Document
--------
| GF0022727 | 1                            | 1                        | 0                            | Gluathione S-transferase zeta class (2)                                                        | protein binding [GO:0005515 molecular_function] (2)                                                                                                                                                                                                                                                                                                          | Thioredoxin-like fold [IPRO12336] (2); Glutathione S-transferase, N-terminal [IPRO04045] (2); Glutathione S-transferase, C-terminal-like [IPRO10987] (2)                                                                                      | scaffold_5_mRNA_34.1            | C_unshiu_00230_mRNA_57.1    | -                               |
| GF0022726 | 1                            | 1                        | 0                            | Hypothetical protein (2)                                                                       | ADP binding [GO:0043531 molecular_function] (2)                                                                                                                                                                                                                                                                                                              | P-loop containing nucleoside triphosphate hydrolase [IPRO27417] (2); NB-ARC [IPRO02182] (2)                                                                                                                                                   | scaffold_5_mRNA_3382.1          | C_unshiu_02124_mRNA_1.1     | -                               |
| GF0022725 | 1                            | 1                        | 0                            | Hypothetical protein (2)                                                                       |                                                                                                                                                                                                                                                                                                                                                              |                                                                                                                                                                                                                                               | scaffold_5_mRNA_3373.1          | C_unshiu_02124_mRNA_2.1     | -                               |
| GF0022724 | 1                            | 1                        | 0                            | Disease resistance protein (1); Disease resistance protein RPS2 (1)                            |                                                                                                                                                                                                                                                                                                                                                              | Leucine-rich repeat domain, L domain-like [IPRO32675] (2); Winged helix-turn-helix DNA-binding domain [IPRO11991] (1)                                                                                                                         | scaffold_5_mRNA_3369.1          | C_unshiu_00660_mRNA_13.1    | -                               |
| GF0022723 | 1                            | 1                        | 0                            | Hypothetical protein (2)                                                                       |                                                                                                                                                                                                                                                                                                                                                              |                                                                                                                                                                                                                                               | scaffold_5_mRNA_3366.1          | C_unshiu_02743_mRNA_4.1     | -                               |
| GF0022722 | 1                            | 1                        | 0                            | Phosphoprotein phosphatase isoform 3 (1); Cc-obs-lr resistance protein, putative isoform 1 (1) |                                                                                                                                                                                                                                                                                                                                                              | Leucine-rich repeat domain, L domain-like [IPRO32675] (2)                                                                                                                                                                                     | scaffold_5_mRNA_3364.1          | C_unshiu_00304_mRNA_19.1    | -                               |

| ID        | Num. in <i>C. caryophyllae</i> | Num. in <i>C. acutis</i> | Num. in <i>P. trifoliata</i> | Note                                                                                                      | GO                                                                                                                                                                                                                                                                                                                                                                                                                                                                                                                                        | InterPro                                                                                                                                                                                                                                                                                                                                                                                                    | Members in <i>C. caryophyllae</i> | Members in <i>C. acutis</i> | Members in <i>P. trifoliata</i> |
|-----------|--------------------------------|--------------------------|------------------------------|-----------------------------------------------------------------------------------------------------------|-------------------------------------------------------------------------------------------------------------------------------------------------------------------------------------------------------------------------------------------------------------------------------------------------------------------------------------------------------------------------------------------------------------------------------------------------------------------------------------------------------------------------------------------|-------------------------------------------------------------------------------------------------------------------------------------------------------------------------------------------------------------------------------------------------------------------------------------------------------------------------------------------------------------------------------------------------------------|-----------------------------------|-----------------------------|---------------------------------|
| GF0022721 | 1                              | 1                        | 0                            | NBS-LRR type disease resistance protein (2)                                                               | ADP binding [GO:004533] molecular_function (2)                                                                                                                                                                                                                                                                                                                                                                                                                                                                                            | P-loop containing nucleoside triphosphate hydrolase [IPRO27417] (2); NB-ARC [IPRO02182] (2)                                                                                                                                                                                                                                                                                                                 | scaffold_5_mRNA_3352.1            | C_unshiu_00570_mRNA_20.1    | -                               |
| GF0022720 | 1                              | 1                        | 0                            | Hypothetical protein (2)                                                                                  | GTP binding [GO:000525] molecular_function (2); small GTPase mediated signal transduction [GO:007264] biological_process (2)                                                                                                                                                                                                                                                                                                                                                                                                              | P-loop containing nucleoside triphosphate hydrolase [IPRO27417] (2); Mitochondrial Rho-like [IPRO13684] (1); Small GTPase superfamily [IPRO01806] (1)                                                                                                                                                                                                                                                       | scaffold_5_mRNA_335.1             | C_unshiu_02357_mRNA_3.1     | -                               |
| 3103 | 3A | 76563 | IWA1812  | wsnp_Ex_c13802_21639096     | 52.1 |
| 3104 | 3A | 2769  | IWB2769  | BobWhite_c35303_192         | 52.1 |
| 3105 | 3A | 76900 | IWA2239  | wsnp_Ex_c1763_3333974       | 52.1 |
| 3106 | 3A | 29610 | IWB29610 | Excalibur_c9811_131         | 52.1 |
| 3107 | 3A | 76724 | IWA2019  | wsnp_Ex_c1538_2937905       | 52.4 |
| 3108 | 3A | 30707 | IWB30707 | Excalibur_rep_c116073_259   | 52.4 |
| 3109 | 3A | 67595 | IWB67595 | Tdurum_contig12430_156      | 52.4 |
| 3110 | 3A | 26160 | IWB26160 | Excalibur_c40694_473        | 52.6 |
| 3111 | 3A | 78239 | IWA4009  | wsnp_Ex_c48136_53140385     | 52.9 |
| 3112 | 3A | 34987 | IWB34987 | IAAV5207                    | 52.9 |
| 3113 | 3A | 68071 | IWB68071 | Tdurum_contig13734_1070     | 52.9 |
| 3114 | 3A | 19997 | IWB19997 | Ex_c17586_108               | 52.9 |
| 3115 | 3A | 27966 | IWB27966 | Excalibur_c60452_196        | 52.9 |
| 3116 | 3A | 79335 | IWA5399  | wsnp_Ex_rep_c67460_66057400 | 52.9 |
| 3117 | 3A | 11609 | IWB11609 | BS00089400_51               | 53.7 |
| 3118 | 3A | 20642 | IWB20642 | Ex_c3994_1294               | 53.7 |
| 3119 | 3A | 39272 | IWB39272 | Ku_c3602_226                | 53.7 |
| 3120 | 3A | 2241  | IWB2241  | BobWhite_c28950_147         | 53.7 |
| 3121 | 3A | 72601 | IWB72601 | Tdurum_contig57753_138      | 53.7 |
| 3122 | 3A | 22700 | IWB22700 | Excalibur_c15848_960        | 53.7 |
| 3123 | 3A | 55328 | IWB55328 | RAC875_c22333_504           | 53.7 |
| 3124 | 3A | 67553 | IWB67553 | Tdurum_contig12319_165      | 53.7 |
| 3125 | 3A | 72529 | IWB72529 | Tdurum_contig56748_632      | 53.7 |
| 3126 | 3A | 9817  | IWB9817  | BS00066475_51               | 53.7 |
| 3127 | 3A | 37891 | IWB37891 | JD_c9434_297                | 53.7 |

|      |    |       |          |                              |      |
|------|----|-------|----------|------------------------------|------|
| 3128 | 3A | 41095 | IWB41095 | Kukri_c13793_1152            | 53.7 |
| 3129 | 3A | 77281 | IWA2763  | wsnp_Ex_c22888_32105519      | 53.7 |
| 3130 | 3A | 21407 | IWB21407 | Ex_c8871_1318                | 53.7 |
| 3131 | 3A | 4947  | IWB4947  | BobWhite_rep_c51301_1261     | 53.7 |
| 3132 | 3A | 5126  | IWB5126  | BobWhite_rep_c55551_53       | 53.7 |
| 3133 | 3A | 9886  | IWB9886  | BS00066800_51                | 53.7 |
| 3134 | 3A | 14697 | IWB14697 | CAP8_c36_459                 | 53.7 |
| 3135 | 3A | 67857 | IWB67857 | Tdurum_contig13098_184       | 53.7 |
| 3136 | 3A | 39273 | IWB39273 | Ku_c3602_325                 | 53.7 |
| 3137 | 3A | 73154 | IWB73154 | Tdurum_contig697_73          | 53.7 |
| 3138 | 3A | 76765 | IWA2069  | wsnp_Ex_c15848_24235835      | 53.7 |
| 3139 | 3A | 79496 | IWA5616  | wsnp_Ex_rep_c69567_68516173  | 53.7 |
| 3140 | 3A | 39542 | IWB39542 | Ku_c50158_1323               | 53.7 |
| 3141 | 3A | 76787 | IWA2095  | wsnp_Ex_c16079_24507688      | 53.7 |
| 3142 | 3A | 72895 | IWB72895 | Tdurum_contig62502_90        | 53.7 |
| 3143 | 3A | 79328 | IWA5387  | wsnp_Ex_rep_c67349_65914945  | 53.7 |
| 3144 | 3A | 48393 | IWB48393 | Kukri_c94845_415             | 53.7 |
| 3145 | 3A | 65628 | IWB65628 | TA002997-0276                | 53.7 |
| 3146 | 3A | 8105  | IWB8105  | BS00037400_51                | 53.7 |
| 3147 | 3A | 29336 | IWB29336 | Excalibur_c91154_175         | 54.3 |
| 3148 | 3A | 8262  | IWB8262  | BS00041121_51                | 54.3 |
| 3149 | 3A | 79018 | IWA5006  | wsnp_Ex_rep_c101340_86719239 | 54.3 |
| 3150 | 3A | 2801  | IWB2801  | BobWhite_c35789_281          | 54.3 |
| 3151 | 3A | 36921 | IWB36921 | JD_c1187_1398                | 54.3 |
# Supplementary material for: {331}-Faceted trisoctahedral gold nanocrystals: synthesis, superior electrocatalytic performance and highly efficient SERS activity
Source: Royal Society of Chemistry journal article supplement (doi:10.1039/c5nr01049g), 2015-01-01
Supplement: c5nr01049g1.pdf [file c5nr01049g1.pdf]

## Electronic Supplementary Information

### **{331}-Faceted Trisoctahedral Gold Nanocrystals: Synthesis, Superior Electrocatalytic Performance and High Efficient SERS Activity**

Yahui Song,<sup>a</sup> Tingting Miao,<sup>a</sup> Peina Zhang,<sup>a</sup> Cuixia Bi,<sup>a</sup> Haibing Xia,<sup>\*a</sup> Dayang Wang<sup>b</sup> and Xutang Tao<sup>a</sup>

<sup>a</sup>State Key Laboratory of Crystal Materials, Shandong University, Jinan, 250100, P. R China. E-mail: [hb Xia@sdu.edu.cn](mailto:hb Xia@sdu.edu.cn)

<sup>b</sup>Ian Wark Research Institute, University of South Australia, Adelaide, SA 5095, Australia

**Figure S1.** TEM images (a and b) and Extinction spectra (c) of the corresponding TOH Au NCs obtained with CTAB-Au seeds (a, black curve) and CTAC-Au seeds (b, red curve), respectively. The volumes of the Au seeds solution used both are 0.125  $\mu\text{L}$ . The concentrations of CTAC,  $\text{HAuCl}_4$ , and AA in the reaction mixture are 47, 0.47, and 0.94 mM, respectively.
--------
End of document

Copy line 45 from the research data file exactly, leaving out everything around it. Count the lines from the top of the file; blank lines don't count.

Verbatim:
| 3135 | 3A | 67857 | IWB67857 | Tdurum_contig13098_184       | 53.7 |